On May 3, 1998, approximately 1200 Pacific daylight time, a Bell 47G3B2A helicopter, N7965J, experienced a hard landing after an inflight total loss of engine power near Stanwood, Washington. The commercial pilot and his two passengers were not injured, but the aircraft, which was owned and operated by the pilot, sustained substantial damage. The 14 CFR Part 91 sightseeing flight, which departed the Stanwood Fairgrounds about one minute earlier, was being operated in visual meteorological conditions. No flight plan had been filed, and there was no report of an ELT activation. Use your browsers 'back' function to return to synopsisReturn to Query Page
According to the pilot, he had just taken off and had been airborne for less than a minute when he reduced power in order to establish level flight at about 300 feet above the ground (AGL). As he reduced the power, he heard a loud bang and felt a "high-speed" vibration. Believing that he had experienced a partial power loss, the pilot entered an autorotation and checked to make sure he still had tail rotor authority. About 15 seconds into the autorotation, the engine quit and the vibration "dissipated." The pilot then continued his autorotation to a point where he could complete an emergency landing in a freshly plowed field. According to the pilot, he exaggerated his flare to bring his forward speed to nearly zero, in order to keep the aircraft from rolling over if a skid were to sink into the soft dirt. As the helicopter touched down, the contact with the ground was hard enough that the main rotor flexed downward and impacted the tail boom.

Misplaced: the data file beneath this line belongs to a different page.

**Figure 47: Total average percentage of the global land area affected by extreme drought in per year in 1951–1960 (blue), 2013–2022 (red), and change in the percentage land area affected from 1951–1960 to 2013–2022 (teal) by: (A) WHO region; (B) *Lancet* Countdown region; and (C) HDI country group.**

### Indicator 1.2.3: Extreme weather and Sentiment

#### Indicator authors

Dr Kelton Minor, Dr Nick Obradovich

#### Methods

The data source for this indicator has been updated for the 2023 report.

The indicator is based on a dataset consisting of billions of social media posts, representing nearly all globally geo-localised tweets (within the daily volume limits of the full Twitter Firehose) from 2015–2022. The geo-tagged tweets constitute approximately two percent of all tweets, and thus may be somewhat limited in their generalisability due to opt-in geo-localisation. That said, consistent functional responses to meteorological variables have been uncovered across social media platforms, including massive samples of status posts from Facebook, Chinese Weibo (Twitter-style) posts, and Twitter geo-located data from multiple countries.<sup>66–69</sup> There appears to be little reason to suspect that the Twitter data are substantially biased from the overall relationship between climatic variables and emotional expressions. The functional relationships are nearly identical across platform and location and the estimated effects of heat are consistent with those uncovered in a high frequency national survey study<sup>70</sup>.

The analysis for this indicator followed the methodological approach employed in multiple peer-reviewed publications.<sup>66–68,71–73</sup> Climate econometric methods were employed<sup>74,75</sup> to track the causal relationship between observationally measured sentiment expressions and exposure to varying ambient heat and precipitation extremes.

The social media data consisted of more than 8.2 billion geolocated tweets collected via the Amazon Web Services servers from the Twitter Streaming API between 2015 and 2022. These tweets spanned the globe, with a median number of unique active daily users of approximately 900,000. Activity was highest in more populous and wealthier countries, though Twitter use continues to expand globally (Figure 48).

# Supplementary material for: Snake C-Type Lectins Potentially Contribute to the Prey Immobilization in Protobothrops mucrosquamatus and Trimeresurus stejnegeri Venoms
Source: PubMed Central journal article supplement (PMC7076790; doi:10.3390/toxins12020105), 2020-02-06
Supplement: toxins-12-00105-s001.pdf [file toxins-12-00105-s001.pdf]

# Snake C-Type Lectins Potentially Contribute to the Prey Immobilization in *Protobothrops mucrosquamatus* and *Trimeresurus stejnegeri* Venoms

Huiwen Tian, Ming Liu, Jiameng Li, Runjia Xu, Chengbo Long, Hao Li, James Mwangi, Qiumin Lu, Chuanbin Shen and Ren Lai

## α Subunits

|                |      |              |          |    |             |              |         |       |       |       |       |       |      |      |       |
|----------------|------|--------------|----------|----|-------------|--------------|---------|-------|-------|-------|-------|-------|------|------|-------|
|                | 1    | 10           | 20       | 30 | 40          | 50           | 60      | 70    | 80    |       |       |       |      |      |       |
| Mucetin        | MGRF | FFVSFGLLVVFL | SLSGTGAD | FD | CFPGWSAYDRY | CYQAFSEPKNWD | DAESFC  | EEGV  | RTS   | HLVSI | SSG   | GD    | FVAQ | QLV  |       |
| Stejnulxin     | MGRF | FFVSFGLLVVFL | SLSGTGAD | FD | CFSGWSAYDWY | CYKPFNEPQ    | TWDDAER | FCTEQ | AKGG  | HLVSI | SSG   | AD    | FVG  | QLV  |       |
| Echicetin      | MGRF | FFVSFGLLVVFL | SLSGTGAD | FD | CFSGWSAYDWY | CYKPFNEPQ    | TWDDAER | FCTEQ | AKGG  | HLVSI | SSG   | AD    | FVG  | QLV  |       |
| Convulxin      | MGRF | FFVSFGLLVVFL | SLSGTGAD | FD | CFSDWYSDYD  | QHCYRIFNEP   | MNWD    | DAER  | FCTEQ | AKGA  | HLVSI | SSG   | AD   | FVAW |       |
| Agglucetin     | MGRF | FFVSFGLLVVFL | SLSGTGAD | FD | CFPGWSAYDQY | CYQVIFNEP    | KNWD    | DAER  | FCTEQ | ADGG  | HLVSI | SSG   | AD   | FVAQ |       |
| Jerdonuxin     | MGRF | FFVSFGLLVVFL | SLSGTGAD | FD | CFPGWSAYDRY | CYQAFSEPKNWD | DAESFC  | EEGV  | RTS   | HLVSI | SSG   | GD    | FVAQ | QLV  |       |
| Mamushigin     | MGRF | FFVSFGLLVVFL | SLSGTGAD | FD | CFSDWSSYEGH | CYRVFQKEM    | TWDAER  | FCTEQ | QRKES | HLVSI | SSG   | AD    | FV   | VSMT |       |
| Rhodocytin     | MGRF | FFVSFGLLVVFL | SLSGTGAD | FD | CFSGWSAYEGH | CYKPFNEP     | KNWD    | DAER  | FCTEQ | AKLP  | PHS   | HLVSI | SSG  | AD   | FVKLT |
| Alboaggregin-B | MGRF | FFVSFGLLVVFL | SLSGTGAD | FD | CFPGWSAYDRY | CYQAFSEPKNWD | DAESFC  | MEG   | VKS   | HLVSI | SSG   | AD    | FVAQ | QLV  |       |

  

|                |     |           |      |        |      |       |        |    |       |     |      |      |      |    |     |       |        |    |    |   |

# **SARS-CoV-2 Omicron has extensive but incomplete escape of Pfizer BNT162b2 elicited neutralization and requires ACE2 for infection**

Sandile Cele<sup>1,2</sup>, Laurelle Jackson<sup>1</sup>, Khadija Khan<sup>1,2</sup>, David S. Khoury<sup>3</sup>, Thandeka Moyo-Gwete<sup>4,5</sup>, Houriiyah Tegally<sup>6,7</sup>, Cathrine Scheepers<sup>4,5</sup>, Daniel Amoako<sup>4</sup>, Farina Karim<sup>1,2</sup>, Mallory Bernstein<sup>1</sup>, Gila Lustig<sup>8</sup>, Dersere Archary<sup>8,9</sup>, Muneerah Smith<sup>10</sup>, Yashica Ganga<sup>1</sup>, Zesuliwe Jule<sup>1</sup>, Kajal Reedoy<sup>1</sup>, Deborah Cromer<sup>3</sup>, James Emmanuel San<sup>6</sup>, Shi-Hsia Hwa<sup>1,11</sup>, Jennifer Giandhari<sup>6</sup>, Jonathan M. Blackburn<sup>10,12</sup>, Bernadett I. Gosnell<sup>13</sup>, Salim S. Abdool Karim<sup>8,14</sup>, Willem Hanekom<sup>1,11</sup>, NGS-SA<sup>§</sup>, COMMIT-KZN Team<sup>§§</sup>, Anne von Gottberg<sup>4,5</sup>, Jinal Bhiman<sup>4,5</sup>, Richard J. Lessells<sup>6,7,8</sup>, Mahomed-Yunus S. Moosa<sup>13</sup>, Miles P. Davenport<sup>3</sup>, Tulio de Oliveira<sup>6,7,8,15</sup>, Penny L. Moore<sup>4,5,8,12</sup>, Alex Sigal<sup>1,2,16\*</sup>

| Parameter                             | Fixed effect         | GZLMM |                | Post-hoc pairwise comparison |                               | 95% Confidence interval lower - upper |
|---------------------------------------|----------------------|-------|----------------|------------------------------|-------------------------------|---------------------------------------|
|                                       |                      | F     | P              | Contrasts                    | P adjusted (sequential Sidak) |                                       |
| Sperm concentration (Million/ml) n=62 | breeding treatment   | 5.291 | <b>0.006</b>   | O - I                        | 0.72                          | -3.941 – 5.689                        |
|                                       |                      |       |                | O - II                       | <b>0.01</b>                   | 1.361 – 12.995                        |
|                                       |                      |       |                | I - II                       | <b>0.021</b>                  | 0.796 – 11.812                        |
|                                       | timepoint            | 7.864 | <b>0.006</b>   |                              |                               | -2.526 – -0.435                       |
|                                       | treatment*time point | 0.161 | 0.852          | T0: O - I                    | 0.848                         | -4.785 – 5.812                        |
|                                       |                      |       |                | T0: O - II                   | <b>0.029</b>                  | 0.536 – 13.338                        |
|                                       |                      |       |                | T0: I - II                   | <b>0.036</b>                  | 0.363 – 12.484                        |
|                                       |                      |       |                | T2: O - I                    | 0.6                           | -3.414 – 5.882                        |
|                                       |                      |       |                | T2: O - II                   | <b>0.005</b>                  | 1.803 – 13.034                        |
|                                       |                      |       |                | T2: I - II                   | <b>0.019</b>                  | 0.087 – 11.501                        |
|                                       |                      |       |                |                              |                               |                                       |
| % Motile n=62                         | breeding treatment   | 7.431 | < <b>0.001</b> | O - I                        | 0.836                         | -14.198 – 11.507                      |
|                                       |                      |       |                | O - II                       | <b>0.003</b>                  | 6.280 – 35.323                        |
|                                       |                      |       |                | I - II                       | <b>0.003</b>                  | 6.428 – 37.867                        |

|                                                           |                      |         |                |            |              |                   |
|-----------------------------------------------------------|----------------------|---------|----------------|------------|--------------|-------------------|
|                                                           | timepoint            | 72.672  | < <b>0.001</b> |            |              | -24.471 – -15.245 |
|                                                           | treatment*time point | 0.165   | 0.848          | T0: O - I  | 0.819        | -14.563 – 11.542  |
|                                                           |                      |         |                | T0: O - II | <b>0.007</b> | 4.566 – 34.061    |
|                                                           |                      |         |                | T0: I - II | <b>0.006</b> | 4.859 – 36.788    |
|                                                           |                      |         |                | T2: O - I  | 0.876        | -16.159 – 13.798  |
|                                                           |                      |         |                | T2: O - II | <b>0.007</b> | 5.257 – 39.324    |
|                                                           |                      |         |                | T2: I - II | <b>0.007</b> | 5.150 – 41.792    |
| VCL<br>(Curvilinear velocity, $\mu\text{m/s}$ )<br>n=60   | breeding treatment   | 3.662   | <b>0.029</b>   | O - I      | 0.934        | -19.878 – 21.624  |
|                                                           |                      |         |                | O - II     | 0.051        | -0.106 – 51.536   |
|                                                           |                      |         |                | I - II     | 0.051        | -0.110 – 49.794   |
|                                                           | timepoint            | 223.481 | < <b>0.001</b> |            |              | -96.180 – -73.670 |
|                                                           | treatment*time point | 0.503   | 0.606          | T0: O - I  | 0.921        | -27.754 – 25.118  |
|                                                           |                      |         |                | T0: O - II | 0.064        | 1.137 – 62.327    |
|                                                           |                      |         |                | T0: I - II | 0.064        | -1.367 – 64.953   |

A post-accident inspection of the engine revealed that the number two connecting rod had failed near where it attaches to the crankshaft, leading to a catastrophic failure of other internal engine components. Because the two relevant fracture surfaces on the number two connecting rod were severely damaged and disfigured by repeated rotational impact pounding, the rod was not submitted for metallurgical failure mode examination.